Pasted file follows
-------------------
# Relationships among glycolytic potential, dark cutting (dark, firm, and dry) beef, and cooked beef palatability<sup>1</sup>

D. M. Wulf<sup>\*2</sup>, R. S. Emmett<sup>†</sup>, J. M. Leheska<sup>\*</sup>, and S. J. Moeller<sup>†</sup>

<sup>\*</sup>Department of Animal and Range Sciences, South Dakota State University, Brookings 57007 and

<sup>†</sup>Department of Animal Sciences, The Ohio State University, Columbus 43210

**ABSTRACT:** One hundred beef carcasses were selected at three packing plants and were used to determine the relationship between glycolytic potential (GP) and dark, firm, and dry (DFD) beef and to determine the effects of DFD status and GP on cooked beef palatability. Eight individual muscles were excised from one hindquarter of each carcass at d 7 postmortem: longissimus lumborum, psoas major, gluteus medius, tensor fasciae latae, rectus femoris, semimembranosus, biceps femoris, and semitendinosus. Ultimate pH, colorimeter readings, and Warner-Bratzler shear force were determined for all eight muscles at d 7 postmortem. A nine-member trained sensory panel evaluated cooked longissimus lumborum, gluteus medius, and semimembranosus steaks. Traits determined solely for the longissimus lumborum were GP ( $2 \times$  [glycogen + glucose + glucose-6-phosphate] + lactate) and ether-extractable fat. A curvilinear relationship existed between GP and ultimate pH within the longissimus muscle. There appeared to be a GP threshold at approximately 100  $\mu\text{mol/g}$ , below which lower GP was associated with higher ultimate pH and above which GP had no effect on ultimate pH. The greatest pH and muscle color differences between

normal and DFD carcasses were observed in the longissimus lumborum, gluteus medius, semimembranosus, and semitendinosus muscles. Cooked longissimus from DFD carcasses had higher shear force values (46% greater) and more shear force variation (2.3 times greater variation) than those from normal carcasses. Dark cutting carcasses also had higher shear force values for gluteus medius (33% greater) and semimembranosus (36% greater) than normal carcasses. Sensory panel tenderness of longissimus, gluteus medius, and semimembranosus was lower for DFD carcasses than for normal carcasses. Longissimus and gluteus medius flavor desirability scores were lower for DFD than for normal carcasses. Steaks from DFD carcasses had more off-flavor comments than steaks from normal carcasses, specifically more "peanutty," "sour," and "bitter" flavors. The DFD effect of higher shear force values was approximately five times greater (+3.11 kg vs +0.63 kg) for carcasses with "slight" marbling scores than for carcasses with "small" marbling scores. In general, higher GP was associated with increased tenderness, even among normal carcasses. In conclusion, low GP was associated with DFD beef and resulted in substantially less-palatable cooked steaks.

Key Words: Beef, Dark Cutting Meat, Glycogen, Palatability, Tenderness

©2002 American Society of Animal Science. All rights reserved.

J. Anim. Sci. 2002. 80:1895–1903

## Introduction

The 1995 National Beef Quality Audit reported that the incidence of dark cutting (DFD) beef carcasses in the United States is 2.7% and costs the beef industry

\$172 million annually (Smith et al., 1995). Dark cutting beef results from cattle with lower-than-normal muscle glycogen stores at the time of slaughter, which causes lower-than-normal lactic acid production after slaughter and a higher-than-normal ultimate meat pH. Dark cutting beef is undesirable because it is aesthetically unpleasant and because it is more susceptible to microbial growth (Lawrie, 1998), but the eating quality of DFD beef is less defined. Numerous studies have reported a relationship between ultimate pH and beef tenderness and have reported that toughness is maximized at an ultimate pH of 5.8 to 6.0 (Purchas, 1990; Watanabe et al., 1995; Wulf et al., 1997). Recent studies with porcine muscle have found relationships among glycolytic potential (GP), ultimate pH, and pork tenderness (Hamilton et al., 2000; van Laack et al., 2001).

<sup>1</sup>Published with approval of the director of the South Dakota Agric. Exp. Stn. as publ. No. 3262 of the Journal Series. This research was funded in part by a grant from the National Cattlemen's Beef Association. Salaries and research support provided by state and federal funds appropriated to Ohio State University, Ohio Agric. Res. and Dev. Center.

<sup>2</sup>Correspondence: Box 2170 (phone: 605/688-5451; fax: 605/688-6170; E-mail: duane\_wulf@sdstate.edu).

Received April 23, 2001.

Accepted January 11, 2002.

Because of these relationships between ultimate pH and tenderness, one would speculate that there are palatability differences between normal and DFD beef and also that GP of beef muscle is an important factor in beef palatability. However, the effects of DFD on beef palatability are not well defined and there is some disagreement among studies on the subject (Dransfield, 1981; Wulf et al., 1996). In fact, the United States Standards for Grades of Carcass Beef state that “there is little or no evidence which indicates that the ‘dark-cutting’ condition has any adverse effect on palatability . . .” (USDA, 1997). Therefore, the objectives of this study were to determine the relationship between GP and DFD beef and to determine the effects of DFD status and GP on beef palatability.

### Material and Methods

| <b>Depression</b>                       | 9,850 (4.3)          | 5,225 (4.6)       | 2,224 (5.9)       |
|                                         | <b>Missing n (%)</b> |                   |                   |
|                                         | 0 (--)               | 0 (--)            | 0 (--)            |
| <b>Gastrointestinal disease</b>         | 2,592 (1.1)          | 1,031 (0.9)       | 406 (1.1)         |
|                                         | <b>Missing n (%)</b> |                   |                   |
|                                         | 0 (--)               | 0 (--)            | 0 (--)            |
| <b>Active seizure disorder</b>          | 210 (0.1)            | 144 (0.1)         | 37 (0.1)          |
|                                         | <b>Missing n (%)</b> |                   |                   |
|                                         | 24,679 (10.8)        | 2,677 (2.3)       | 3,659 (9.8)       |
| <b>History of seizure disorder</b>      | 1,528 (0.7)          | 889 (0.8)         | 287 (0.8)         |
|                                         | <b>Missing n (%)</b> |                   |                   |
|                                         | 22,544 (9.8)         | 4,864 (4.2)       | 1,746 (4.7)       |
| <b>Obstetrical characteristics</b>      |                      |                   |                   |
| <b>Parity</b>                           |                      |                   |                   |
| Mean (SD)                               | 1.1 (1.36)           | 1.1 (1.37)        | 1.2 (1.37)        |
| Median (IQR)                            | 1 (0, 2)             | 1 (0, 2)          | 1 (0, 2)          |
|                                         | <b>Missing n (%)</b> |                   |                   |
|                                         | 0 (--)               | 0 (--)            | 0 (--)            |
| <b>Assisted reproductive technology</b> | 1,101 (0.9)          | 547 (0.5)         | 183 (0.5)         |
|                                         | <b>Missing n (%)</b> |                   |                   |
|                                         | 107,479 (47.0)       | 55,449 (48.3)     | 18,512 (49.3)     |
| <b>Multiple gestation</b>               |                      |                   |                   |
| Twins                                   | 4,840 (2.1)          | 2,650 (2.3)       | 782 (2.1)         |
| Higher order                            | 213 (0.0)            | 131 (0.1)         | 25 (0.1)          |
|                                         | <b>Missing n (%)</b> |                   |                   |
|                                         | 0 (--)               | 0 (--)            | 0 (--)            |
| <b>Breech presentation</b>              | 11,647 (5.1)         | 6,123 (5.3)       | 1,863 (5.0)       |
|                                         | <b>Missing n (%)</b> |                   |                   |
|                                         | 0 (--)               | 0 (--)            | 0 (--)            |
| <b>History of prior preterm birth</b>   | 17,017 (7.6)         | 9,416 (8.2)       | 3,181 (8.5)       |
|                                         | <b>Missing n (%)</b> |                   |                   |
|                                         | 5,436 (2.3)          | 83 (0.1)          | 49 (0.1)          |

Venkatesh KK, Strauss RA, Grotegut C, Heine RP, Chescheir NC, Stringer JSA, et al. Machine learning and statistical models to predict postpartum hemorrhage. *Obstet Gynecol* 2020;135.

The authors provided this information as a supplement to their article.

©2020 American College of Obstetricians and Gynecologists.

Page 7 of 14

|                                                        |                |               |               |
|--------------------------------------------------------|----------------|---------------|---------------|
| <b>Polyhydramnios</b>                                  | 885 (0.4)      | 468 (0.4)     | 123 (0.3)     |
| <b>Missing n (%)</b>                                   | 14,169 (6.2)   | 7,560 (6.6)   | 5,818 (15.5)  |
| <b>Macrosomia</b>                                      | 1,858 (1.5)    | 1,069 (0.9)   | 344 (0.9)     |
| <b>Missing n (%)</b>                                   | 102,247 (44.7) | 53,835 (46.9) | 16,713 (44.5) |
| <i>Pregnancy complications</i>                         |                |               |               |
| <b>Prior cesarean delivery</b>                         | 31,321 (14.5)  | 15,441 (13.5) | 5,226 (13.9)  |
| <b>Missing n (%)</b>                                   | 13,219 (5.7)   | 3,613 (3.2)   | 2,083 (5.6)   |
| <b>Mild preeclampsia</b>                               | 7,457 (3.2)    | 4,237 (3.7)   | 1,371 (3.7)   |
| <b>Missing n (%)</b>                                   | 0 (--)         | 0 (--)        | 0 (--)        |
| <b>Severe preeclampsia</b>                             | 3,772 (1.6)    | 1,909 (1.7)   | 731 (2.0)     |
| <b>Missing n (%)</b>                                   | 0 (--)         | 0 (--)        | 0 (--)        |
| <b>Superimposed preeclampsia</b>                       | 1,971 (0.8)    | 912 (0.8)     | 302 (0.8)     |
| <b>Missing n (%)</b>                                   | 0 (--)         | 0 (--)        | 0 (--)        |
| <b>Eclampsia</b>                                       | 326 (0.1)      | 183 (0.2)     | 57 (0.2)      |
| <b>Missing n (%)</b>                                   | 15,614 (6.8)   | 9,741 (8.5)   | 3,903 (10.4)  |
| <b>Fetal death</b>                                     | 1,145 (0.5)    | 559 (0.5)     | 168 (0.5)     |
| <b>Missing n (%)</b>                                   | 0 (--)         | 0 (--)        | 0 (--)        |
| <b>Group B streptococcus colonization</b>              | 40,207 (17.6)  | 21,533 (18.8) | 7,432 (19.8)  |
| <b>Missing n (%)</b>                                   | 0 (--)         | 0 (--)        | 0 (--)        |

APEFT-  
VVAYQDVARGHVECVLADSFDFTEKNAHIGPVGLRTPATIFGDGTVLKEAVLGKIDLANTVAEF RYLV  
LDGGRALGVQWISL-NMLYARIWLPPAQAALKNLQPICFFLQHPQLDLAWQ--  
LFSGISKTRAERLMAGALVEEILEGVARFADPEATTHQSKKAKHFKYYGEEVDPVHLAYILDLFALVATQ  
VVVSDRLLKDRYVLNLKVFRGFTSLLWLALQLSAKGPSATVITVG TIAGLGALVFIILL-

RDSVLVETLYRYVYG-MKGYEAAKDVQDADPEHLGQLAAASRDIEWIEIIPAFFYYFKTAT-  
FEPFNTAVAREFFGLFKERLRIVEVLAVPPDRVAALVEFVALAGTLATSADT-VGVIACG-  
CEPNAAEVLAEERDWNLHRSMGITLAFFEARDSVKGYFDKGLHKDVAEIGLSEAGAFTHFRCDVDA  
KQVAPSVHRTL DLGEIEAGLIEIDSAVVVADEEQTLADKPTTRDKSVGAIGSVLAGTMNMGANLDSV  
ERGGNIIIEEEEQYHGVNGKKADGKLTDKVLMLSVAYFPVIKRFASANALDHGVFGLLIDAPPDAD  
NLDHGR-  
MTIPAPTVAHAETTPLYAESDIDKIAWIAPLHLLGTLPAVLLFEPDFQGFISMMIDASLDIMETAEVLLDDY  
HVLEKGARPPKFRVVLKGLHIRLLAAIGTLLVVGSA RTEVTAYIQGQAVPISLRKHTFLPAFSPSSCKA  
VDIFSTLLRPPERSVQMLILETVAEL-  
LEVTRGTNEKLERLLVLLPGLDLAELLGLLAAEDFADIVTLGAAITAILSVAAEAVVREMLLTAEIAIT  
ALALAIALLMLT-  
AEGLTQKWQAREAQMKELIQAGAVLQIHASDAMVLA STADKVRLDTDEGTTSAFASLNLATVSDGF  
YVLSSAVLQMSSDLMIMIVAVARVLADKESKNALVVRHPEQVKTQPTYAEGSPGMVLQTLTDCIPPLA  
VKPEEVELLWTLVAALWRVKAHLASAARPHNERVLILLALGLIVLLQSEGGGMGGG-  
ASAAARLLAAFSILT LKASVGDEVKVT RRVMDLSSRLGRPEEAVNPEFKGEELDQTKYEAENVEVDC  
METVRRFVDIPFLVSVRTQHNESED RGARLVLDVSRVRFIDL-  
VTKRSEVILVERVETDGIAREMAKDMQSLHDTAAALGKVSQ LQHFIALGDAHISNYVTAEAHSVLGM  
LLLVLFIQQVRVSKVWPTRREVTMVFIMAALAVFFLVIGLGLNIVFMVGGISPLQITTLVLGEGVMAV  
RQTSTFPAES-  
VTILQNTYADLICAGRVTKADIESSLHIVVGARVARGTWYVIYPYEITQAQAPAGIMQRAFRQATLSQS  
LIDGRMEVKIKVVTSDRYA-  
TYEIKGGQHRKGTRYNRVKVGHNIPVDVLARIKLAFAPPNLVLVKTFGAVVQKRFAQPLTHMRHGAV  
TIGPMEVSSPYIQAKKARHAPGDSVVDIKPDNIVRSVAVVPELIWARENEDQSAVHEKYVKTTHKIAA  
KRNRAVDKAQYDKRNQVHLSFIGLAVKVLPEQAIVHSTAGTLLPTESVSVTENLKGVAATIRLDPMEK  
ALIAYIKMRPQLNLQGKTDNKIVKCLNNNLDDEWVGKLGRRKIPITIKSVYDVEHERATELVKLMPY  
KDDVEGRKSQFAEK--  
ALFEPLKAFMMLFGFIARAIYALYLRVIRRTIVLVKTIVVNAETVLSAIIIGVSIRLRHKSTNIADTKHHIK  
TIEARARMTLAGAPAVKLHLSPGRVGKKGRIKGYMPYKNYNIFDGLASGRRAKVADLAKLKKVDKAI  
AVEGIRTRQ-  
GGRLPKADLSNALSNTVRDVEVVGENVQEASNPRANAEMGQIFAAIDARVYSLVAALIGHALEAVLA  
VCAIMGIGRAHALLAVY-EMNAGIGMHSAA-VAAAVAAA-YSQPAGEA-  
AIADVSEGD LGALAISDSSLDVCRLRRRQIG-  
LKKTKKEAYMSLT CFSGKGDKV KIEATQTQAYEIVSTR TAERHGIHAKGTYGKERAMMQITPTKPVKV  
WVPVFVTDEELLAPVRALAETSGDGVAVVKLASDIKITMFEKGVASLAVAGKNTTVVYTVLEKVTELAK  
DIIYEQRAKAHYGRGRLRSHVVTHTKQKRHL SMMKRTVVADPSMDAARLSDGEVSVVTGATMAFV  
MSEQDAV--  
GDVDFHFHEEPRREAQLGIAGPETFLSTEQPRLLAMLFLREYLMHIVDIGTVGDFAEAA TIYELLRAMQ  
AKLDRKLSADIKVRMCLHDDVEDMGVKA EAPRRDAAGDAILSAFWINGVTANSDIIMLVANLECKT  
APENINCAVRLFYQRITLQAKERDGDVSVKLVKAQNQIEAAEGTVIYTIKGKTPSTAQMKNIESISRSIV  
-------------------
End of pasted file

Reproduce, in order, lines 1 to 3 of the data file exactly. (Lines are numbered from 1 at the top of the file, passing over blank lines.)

# Relationships among glycolytic potential, dark cutting (dark, firm, and dry) beef, and cooked beef palatability<sup>1</sup>

D. M. Wulf<sup>\*2</sup>, R. S. Emmett<sup>†</sup>, J. M. Leheska<sup>\*</sup>, and S. J. Moeller<sup>†</sup>

<sup>\*</sup>Department of Animal and Range Sciences, South Dakota State University, Brookings 57007 and